It extends into the story a little too much sometimes, though, and one aspect that I found really unbelievable was the fact that the group performs the same kind of boring song three times in a competition setting, despite having performed some very varied and interesting songs in the meantime. I can tell what purpose this has in the movie – it shows how much the group is stuck in its ways, how much it needs the main character to come along and change it, and how much the queen bee exerts her control over the group – but I had a hard time believing that even someone as much of a control freak as her would be so stubborn and not alter the song at all. Doing another “boring” song would have been more believable.

Nevertheless, ridiculous story aside, there are a lot of good one-liners in the movie, especially from Fat Amy and from the commentators at the competitions. It was good comedy, and although I wouldn’t quite say it was as good as Mean Girls, if only because I wasn’t laughing the whole way through, I would still heartily recommend it.

Film #110: Mean Girls (2004)

meangirlsDirector: Mark Waters
Language: English plus German, Vietnamese, Swahili
Length: 93 minutes
Watched on: 11 January 2014

I don’t have a lot to say about Mean Girls other than that I like it. I do remember when I first watched it at around the age of 17 expecting to hate it and being pleasantly surprised – I’m sure there was a not inconsiderable amount of anxiety that if I was seen to enjoy it people would think I was gay… whoops.

In many ways I’m kinda glad that I still like it and the writing is still funny enough to make me giggle most of the way through, because recently I’ve become so cynical that it’s hard to entertain me, even with films that I used to love – case in point: Austin Powers. The comedy in this is much sharper and almost every line can be construed as a joke and that’s the best way for a movie to be. I should really find more of Tina Fey’s work, because I haven’t actually seen her that much.

I hope I will continue to like this movie as I grow older. I hope I will see more like it in the future. It’s now the 10th anniversary, and I’ve heard people are planning to wear pink on the anniversary of the US opening, April 30 – because it’s a Wednesday.

Book #46: American Gods (2001)

american-godsauthor: Neil Gaiman
language: English and a couple of sentences of Icelandic
length: 19 hours 39 minutes
finished listening on: 4 January 2014

I was pleasantly surprised to find that this audiobook had a full cast of characters. Neil Gaiman even reads some of the sections himself, such as the introductions and some interlude sections, although the bulk of it is read by an American narrator. I chose “American Gods” because it’s supposed to be one of Gaiman’s most famous books, and as I’ve been discovering more of his works recently it seemed like a good way to continue.

The book is basically an epic set in small-town America. Just as Gaiman’s “Neverwhere” was a love letter to London, so is this a love letter to an America that Gaiman is apparently still discovering. It follows for the most part a road movie storyline, and in most places it is evident that a lot of research has gone into the depictions of gods and folklore. The main character is Shadow, who at the beginning is released from prison to find that his wife has been killed in a car crash. He is then enlisted by a Mr Wednesday, who turns out to be a pseudonym of Odin, the head of the Norse pantheon – because when Vikings came to America thousands of years ago, they brought their gods with them.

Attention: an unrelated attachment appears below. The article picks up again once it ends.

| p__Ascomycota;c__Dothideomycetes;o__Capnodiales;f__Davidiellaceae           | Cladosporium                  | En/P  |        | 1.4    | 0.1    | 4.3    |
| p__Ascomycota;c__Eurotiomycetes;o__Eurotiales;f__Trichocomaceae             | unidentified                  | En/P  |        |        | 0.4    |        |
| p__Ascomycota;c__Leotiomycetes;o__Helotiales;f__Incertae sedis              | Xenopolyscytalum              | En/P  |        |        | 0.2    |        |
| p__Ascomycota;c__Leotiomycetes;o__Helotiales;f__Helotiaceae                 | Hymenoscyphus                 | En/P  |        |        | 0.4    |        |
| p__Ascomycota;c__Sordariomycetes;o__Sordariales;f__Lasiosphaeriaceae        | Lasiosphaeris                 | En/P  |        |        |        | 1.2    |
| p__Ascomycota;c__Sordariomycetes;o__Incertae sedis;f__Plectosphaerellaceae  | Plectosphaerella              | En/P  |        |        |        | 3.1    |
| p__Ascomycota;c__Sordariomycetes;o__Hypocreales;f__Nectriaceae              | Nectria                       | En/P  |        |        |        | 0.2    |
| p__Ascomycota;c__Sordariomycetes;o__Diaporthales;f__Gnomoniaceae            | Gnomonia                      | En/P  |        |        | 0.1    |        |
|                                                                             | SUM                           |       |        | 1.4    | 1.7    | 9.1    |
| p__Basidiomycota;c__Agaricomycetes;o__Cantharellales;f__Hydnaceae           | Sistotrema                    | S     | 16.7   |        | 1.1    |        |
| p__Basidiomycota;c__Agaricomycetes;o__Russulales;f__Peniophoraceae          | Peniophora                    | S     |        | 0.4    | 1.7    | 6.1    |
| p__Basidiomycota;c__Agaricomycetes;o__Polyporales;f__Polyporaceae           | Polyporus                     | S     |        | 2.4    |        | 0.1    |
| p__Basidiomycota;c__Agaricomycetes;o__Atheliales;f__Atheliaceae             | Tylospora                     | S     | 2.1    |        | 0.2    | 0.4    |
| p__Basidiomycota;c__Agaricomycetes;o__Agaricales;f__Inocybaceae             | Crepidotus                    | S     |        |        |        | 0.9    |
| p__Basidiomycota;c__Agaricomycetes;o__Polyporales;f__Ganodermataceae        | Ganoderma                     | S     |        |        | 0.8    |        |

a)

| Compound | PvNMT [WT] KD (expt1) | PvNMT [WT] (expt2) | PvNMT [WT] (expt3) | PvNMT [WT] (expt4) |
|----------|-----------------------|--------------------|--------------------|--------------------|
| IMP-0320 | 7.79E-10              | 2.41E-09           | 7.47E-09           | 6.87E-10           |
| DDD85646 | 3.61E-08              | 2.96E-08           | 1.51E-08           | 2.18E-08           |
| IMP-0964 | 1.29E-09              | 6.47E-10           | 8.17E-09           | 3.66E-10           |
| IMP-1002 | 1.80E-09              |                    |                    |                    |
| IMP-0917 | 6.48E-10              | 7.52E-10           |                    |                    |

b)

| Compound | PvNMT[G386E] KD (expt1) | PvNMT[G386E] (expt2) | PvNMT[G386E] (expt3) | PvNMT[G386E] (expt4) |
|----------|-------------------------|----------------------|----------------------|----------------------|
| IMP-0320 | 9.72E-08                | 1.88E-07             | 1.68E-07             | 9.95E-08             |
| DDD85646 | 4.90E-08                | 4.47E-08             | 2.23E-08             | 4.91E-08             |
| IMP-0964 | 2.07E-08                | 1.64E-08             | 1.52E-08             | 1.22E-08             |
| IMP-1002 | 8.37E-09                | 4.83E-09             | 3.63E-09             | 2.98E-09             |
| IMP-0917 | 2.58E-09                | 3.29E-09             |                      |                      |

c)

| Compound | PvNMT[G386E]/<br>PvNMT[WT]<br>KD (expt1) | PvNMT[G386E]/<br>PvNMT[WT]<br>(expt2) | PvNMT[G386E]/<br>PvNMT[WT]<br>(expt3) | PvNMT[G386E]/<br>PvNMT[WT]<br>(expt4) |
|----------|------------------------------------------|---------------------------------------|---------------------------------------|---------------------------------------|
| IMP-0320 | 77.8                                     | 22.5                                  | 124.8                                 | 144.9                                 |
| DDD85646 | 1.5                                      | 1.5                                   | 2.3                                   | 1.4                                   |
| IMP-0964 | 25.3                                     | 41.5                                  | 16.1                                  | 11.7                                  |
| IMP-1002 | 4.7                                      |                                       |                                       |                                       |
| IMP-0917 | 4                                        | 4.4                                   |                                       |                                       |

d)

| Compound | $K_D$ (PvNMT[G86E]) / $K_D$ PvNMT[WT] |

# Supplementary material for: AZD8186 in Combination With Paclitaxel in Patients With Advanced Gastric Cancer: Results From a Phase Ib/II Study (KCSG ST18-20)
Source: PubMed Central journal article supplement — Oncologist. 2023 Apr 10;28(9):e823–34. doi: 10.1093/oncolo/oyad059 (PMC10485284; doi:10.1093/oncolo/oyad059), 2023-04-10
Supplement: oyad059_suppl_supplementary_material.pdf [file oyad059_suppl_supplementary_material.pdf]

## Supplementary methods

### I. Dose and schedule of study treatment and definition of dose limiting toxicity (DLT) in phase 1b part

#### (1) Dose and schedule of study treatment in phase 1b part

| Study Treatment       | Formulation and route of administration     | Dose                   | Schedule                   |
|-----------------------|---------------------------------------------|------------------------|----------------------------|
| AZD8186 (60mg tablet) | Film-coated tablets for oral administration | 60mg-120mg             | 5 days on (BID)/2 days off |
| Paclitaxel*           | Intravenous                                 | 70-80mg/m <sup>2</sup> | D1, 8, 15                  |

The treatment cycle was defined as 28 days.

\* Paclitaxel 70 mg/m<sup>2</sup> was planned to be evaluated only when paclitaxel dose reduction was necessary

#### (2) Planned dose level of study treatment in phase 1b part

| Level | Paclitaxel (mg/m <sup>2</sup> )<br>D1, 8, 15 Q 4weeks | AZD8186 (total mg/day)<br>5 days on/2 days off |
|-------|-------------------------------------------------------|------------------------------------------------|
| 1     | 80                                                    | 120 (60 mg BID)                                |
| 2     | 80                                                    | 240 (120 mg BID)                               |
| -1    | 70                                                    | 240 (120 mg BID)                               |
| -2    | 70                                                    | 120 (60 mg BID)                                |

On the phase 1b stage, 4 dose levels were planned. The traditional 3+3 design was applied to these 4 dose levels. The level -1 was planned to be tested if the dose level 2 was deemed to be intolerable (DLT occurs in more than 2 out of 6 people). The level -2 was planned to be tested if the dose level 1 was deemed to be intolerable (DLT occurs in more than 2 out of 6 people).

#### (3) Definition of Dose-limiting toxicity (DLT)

I don’t know how long the book is in page terms, but the audiobook clocked in at about 18 hours, over 1000 minutes, by far the longest that I’ve listened to and split into three six hour segments. Although overall I’d say it was good, I suffered a bit because several times I lost track of what was happening or where the story was, particularly when I left it for a couple of days before coming back to it. Part of this was the sheer number of characters. The different voices made it fairly easy for me to tell the difference between two characters, but I think my visual memory is better than my aural memory, and if I’m actually reading it’s less effort to remember. Conversely, the different voices spoiled a few of the reveals, as it would be blisteringly obvious to me when a new, shady character in a cloak comes on with the voice of another character. It took me about two months to listen to it in total, most of that being an accompaniment to a new drive by myself to go cycling and get more exercise.

In some ways, the title is perhaps misleading, although Gaiman documents its origins as not entirely intentional. While the book dives deep into American culture, the folklore and the gods themselves are mostly from other cultures, and all pre-Christian. Other “gods” are things like TV or internet, newly worshipped by Americans over anything else and threatening to push out the old world gods. Gaiman inserts what he calls an “apocryphal tale” at the end, where Shadow meets an unnamed Jesus, perhaps to make up for not actually mentioning the one god that Americans actually do worship. I’m not sure why he did take it out in the end from the final version (a misleading term again because like “Neverwhere”, this version is a kind of director’s cut version, an amalgamation of two or three other versions), but I agree that it was a good idea, because I think in the narrative of the story (spoiler alert), Shadow is Jesus, in just about every significant way, but perhaps most especially that he is the saviour of all the gods. Having Jesus join him would have been almost counterintuitive.